The Global Water Pathogen Project mission is to be a knowledge resource and hub on water pathogens to guide the goals for sanitation and achieving safe water around the world using the power of new information technology and tools.
“Nearly 97% of the world’s water is salty or otherwise undrinkable. Another 2% is locked in ice caps and glaciers. That leaves just 1% for all of humanity’s needs — all its agricultural, residential, manufacturing, community, and personal needs” (U.S. Environmental Protection Agency).
“Pipes are old and treatment facilities often outdated. We must make heavy investments in and commitments to increased water testing and state-of-the art infrastructure” (Time Magazine, 2016).
“There are many treatment options to eliminate pathogenic microbes from drinking water. Finding the right solution for a particular supply requires sifting through a range of sometimes competing processes” (Water treatment and pathogen control. World Health Organization).
A one-day workshop held 4th of May 2014 laid the ground work for building a knowledge community to develop The Global Water Pathogen Hub, an online resource which would include the updated version of the Sanitation and Disease: Health Aspects of Excreta and Wastewater Management book (Feachem et al.1983).
The Global Water Pathogen Project (GWPP) is an online open access integration platform for sharing and retrieving databases, quantitative information, tools, and educational materials on pathogens (associated with excreta and wastewater) which can guide future goals for achieving safe waters.
The project aims to develop a knowledge supply chain for safe water using advanced information technology providing high applied quality data, translating the scientific knowledge into socio-technical recommendations for safe water supply and sanitation.
To that end the GWPP gathers, organizes and provides information on global pathogen occurrence and persistence in water and evaluation of disinfection and treatment technologies.
Users of the GWPP site can browse through the following published Chapters:
(Source: Water Pathogens.org )
NOTE: the GWPP site is under construction and will be gradually populated with contents. Currently only titles in bold indicate contents that have been published.
Another key objective of the project is to promote collaboration among academics, industries and governments (see: The GWP Network).
To achieve its goals, the project counts on the active participation of the following organizations:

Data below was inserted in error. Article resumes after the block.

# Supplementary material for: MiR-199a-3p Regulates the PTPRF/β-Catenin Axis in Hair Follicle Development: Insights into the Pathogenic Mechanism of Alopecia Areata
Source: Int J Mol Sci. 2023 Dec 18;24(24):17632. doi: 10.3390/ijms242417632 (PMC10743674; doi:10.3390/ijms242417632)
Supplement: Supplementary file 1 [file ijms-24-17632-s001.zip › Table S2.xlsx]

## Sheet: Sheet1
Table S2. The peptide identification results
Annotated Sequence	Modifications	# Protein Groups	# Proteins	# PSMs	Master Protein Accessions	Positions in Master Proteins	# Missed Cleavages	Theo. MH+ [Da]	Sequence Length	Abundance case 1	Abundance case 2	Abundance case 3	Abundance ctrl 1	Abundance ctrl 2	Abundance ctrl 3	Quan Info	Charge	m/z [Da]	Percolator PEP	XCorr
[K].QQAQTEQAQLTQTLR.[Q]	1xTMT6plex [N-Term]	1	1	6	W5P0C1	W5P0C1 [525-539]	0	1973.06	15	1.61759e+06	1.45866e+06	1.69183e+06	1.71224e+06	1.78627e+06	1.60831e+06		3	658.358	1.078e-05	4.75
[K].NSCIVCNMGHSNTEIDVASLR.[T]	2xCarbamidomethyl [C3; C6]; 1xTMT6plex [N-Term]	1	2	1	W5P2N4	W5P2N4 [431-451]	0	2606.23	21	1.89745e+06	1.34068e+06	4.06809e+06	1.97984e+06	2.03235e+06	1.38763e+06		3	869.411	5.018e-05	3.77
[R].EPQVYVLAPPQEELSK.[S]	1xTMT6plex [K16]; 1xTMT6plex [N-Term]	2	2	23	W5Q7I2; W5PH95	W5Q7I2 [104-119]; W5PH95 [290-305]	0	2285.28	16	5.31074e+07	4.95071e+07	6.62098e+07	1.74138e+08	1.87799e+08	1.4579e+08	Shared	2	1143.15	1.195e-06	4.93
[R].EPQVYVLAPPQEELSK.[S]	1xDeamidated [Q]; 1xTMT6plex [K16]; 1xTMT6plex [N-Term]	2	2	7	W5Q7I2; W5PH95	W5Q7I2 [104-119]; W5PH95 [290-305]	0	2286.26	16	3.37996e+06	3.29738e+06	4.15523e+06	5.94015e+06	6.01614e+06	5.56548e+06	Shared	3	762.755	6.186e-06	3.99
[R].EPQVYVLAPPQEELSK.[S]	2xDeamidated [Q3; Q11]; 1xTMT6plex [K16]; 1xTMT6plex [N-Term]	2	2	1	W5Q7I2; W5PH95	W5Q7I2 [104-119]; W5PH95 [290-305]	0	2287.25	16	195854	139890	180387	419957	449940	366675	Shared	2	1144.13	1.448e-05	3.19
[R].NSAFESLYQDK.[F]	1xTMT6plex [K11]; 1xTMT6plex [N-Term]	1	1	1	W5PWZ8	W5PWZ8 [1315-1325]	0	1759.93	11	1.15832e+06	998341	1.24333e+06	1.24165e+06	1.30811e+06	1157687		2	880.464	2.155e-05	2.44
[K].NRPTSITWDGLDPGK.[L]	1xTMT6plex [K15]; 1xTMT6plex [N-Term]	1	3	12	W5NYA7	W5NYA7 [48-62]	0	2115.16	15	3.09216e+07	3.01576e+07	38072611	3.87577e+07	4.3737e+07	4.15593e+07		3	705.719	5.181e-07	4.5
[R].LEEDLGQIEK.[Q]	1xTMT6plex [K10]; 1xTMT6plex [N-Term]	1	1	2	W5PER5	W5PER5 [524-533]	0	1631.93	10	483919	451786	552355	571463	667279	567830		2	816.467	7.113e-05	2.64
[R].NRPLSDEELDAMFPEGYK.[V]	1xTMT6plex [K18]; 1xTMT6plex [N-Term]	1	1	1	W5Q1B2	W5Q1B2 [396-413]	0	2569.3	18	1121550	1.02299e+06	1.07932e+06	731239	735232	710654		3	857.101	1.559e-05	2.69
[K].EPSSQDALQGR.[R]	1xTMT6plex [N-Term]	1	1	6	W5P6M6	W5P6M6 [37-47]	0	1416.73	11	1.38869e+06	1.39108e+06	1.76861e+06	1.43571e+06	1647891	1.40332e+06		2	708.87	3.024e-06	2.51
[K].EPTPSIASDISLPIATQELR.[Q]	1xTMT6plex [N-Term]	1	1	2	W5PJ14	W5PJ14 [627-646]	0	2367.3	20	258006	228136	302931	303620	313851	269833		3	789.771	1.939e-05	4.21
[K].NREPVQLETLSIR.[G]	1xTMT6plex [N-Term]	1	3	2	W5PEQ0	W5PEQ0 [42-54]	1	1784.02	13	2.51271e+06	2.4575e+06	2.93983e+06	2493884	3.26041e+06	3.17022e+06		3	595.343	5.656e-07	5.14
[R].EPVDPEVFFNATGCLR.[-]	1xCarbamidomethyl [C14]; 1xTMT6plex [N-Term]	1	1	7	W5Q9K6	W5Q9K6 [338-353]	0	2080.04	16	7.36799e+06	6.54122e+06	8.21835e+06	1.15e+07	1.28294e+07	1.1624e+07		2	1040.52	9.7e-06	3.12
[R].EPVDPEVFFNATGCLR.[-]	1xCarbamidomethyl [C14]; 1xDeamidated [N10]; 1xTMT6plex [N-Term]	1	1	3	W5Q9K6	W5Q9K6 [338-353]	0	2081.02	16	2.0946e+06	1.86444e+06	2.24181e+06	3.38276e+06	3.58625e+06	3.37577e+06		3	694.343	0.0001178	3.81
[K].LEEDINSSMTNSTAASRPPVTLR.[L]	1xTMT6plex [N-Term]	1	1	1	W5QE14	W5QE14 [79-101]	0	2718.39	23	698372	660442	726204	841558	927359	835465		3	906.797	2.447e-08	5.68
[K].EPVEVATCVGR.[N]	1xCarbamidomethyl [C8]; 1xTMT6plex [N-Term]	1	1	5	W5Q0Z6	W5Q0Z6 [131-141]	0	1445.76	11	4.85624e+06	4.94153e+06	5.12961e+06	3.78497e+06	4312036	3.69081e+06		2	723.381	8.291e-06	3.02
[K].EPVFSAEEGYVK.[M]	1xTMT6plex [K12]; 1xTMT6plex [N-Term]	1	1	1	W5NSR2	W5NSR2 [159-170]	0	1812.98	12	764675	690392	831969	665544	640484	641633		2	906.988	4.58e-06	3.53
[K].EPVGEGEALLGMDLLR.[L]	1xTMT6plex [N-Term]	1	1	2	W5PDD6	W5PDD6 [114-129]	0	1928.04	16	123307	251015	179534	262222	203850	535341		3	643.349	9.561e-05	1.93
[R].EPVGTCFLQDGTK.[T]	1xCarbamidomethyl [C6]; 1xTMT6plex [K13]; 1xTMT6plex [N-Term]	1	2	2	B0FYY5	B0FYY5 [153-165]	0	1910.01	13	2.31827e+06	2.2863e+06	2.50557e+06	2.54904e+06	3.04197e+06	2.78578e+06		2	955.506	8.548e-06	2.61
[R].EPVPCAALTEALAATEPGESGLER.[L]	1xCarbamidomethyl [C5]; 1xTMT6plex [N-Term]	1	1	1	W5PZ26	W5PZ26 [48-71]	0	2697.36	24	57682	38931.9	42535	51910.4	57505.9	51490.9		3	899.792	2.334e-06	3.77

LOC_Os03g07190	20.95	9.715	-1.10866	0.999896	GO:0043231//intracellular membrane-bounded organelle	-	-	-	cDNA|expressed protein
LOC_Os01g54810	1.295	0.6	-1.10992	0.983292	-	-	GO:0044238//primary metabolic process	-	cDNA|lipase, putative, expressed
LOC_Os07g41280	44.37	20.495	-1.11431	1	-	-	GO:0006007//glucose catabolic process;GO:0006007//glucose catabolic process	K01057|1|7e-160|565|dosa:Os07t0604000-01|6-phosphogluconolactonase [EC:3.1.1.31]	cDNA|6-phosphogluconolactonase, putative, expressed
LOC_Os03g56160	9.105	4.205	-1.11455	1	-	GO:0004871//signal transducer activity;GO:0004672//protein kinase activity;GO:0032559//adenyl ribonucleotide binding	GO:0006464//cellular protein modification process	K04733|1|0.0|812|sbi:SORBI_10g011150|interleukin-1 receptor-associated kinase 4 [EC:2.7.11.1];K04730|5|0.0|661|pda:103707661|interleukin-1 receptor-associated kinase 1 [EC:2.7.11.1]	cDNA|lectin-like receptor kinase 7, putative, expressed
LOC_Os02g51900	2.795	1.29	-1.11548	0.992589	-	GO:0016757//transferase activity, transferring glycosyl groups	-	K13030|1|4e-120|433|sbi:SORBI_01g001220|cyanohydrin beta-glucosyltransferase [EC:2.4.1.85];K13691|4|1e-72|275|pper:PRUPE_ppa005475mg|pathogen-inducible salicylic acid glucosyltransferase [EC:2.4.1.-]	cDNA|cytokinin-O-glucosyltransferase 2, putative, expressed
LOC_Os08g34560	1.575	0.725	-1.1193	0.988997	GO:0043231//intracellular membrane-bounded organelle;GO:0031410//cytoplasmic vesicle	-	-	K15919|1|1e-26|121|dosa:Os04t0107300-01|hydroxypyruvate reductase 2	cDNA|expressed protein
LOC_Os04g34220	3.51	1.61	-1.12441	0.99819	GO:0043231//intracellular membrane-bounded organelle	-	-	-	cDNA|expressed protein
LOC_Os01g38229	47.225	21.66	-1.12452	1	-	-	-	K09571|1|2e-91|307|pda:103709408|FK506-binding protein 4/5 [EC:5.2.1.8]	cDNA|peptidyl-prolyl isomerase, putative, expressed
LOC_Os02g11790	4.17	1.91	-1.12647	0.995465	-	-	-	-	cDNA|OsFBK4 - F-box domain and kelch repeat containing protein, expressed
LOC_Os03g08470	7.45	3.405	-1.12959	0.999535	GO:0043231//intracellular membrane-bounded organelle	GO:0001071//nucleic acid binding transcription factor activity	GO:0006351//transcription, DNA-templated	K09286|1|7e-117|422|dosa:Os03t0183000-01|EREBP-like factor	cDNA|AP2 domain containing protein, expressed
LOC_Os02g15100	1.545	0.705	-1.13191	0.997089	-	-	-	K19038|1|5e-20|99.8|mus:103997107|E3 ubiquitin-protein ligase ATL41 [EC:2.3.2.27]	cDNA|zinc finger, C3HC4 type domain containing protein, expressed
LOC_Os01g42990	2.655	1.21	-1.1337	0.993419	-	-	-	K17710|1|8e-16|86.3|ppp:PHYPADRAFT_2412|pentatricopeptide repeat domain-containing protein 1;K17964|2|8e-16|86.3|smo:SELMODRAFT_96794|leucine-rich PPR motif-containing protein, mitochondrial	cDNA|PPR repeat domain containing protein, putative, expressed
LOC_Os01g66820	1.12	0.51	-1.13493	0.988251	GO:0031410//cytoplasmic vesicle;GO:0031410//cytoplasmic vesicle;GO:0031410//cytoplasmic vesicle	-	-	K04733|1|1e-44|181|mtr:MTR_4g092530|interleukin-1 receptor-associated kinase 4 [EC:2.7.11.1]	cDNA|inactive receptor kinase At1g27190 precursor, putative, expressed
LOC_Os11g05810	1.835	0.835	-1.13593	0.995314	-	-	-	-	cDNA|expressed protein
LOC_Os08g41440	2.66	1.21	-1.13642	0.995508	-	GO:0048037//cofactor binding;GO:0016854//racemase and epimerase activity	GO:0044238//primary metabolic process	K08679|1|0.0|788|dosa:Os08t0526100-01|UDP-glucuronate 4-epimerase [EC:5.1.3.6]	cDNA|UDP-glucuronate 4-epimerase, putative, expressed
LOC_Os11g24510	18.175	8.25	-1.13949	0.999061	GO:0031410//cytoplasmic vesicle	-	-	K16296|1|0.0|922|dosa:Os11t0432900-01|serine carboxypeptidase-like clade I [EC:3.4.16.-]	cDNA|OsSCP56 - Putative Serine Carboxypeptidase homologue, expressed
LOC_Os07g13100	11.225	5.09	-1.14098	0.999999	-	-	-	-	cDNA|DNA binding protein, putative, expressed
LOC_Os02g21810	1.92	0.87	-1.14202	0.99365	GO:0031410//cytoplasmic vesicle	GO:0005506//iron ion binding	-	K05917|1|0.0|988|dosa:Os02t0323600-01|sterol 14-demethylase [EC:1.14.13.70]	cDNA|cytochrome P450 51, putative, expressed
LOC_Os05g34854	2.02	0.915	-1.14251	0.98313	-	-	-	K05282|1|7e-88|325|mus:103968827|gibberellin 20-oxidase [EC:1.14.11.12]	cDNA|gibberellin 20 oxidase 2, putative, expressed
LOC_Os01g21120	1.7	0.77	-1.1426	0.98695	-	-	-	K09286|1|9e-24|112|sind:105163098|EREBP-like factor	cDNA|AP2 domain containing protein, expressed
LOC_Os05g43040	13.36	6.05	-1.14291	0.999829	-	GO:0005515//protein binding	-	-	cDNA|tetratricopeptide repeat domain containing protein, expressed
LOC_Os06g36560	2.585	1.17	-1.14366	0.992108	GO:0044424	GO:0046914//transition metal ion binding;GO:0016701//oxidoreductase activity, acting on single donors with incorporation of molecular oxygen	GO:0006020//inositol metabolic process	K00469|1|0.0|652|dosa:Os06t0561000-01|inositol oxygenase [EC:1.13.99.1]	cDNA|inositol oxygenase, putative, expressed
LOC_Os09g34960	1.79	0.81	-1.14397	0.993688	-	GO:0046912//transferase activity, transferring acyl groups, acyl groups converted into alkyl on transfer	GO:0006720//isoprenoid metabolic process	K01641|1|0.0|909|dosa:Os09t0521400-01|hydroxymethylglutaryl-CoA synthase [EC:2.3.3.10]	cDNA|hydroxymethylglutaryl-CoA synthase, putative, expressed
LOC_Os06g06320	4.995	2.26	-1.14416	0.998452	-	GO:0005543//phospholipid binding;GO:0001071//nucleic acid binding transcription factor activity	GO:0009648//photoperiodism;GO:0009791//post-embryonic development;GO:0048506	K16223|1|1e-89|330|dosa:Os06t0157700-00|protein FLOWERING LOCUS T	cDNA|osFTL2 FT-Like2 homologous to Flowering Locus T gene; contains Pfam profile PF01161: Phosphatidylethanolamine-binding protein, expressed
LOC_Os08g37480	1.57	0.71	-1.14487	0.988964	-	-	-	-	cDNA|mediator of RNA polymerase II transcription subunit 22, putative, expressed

- UNESCO - a principal partner in the Project, steering the revision and dissemination of Health Aspects of Excreta and Sanitation, and reaching a number of governments to sensitize and mobilize them to address water quality issues (see: UNESCO’s goals ‘Water Security’), in collaboration with:
- Michigan State University (MSU) Midland Research Institute for Value Chain Creation;
- AgroKnow that in collaboration with MSU is building the GWPP site,
with financial support provided from P&G and the American Chemistry Council. The GWPP Project is also collaborating with the World Health Organization (WHO) of the United Nations to support its Sanitation Guidelines.
The knowledge accumulated and data generated by the GWPP is freely available as an online reference and will be updated regularly by experts.
Retrievable resources focus on pathogens and pathogen risks from excreta, address sanitation technologies, and serve as a compendium of information and quantitative data to support risk assessment, to achieve pathogen removal and global water safety criteria.
The information itself is forward-looking and should address future needs, problems, and solutions across the globe and complement the Sustainable Development Goals (Goal 6: Ensure access to water and sanitation for all) and similar initiatives.
In addition to a diversity of disciplinary backgrounds, the final product will be accessible across languages, geographic regions, and interests.
“Just imagine our nation and our world without water pollution. It is only by working together that we can make this happen for future generations” (Time Magazine, 2016).
Source: Global Water Pathogens Project
Save the date:
- July 18-22, 2016
6th Africa Water Week Achieving the SDGs on Water Security and Sanitation
Dar es Salaam, Tanzania
- October 9 – 14, 2016
International Water World Water Congress & Exhibition,